Fearless (Saturday): Michael Hannum

In celebration of Alumni Homecoming Weekend and Hispanic Heritage Week, we proudly feature Michael Hannum, member of the Class of 2011, for his fearless commitment to fighting for social justice issues and his continued involvement in serving the Adams County community. Currently working with the Lincoln Intermediate Unit’s Migrant Education Program as a Recruitment Coordinator, Michael began finding his passion for helping identify families in the migrant community who need extra educational support when he was a first-year student just looking for something to do.

 “When I came to Gettysburg as a first-year,” says Michael, “I really didn’t know what to do about choosing a major, just like a lot of other first-year liberal arts students. All I knew was that I liked Spanish.” Following his interest in Spanish and the desire to practice it, he found himself in Rebecca Bergren’s office at Off-Campus Studies (OCS) his very first semester at Gettysburg.  However, after finding out he’d have to wait until at least second semester sophomore year to study abroad, he decided to pursue a different route (that is, at least, until he studied abroad in both Spain and Argentina later) by applying to be a Heston Summer Intern.

He spent the summer of 2008 here in Gettysburg, interning as part of the Heston Summer Experience at the LIU Migrant Program that began to solidify what would become his Gettysburg experience. “That summer I worked with the Migrant Education Program of Summer Excellence as an aid, practicing my Spanish, meeting people, and helping out at the best agency in Adams County,” says Michael.

That first summer spent at the LIU not only led to a part-time job there during his sophomore year working with the Migrant Education Program, but also a position at the office here in Gettysburg every summer.

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After graduation, Michael went abroad to Brazil for a year as part of a Fulbright Scholar program and worked as an English Teaching Assistant for soon-to-be ESL students at a Brazilian university. The program was a sort of dual program between the State Departments of the US and Brazil, originally leading Michael to think he’d pursue a State Department position.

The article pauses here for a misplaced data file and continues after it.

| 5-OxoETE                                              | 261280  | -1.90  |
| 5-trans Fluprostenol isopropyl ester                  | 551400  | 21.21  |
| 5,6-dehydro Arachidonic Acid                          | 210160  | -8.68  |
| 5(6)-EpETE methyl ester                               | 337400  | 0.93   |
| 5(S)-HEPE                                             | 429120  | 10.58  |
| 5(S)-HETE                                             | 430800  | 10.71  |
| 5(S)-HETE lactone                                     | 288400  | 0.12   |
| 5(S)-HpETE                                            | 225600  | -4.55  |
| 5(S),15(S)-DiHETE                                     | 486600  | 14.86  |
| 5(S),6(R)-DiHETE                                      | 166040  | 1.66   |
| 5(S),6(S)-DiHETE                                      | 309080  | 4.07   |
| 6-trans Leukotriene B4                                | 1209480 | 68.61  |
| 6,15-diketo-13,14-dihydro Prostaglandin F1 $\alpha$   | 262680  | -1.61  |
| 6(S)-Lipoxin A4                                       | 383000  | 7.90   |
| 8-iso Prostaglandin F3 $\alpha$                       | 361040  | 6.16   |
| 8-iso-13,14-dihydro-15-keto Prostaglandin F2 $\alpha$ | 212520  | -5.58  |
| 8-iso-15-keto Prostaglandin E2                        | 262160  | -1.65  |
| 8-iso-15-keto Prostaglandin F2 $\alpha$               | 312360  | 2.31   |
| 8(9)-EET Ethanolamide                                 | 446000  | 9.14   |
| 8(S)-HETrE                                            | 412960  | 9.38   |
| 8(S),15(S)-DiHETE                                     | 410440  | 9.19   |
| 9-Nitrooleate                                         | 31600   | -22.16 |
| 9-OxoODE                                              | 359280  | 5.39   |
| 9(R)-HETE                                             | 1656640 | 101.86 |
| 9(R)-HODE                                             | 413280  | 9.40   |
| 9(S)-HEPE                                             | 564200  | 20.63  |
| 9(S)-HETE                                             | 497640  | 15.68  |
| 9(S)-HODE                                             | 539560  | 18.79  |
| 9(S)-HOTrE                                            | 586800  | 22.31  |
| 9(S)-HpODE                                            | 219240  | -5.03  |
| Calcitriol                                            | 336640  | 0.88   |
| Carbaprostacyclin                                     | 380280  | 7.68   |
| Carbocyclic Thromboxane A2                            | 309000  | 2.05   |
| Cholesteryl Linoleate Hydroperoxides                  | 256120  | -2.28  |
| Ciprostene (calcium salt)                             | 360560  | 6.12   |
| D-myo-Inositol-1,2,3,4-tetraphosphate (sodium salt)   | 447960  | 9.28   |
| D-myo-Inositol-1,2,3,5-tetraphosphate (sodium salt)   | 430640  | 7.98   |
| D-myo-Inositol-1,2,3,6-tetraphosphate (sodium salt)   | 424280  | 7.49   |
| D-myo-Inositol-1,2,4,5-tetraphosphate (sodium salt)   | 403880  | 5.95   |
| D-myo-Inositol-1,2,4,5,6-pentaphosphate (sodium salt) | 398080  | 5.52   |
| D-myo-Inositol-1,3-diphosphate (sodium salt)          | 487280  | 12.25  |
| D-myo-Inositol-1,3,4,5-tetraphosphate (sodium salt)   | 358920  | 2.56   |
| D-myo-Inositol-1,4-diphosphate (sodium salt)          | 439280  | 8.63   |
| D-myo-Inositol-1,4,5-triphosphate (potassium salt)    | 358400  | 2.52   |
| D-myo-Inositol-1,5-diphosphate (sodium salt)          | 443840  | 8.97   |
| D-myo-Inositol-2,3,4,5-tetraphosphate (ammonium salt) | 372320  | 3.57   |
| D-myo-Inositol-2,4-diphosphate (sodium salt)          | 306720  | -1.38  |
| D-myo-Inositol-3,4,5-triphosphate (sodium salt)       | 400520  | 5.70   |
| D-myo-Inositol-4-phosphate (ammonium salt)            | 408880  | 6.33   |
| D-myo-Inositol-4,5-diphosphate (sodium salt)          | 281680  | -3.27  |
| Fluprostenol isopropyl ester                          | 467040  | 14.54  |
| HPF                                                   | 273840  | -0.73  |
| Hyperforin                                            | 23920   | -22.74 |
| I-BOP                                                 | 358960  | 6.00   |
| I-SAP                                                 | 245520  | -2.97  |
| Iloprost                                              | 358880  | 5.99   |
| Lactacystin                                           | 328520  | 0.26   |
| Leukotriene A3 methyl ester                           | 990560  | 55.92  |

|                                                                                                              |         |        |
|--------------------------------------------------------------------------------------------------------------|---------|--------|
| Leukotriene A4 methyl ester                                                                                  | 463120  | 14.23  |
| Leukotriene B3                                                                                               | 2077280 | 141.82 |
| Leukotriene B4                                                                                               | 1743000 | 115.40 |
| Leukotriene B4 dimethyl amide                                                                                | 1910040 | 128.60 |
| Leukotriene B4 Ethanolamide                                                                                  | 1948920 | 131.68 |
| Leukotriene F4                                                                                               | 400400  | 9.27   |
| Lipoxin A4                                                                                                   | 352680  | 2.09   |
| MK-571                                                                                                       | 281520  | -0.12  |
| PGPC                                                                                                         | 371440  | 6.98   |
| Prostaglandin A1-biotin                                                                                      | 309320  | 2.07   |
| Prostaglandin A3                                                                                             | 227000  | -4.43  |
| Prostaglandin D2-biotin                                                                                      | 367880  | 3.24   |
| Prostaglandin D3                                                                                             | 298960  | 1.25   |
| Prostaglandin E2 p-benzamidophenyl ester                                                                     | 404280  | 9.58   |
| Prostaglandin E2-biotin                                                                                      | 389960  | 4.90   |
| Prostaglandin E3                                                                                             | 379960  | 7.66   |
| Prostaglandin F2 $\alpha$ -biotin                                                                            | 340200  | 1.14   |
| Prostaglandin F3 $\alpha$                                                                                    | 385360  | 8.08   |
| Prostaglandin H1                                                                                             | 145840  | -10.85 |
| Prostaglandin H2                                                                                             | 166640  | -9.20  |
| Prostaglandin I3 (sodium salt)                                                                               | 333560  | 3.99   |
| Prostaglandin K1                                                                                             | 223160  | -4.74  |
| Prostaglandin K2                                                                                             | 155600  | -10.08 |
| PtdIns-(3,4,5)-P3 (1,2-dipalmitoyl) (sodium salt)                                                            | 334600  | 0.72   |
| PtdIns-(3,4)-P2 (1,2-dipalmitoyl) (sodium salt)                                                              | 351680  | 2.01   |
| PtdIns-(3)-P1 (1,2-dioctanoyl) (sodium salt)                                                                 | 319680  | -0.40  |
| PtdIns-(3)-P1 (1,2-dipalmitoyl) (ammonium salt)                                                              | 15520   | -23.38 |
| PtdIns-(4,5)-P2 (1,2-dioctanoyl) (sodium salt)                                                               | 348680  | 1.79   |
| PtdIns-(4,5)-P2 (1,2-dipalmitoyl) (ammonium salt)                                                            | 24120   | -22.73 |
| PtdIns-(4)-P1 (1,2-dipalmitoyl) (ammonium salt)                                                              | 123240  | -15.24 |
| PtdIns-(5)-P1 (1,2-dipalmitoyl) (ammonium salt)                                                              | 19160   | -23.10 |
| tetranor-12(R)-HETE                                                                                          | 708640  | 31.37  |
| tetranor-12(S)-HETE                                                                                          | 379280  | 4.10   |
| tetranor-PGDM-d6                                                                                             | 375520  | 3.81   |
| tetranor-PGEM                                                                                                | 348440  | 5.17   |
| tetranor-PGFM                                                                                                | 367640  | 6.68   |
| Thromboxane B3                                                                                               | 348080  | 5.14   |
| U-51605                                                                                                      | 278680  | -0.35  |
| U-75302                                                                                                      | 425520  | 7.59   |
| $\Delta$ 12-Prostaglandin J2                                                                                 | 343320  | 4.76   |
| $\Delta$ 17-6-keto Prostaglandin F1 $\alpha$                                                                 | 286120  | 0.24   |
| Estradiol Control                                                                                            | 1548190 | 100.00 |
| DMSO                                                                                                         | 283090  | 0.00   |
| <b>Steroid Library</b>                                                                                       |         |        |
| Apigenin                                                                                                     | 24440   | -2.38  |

“But when I got back to the US,” says Michael, “it was like I had that first-year mindset all over again: ‘Should I go to DC? Find work in Philly? Go back abroad?’ I really just didn’t know what the next step was.” But that’s when a long-term recruitment position at the LIU in Gettysburg opened up.

“At first I wasn’t sure—did I dare come all the way back to Gettysburg? But, of course, the answer was yes. And it’s been great.” Working as a Recruitment Coordinator, Michael helps identify families who fit federal- and state-level guidelines for educational aid, which includes providing children with in-home education options, ESL classes, and trips to local colleges to inspire them to pursue higher education.

“There are two sides to this sort of work,” says Michael. “There’s the recruitment end of things where you’re finding new industries for people to  work in, finding families who need support, and figuring out the logistical ends of things; and then there’s the instructional, more hands-on side of meeting with people, giving general support, and working with ESL students and classes. I used to do more of the hands-on work, but now I do more logistical things.”

Michael says, “I’m kind of behind the scenes most of the time, but I know that what I’m doing is important and affecting people’s lives—and that’s rewarding. I’m proud to be a part of a system that’s really helping these kids, getting them inspired to go to college, and then actually seeing some of them get there and credit the LIU as a huge reason for why they were able to get to college when they never would’ve thought it possible before. Of course, they really get there on their own hard work, but they always acknowledge how much influence the LIUprograms have had in their success.”

 For Michael, it’s a continuous learning process—constantly learning new things about social justice issues, how to better serve the community, and help more students reach success. Working here in Gettysburg as an alumnus is also something Michael finds rewarding, despite the fact that every time he comes on campus, he just feels that much older.

Continuing to pursue excellence and take initiative by serving the community, Gettysburgian Michael Hannum still feels at home here in town, affecting change and changing lives for those in the Gettysburg community.

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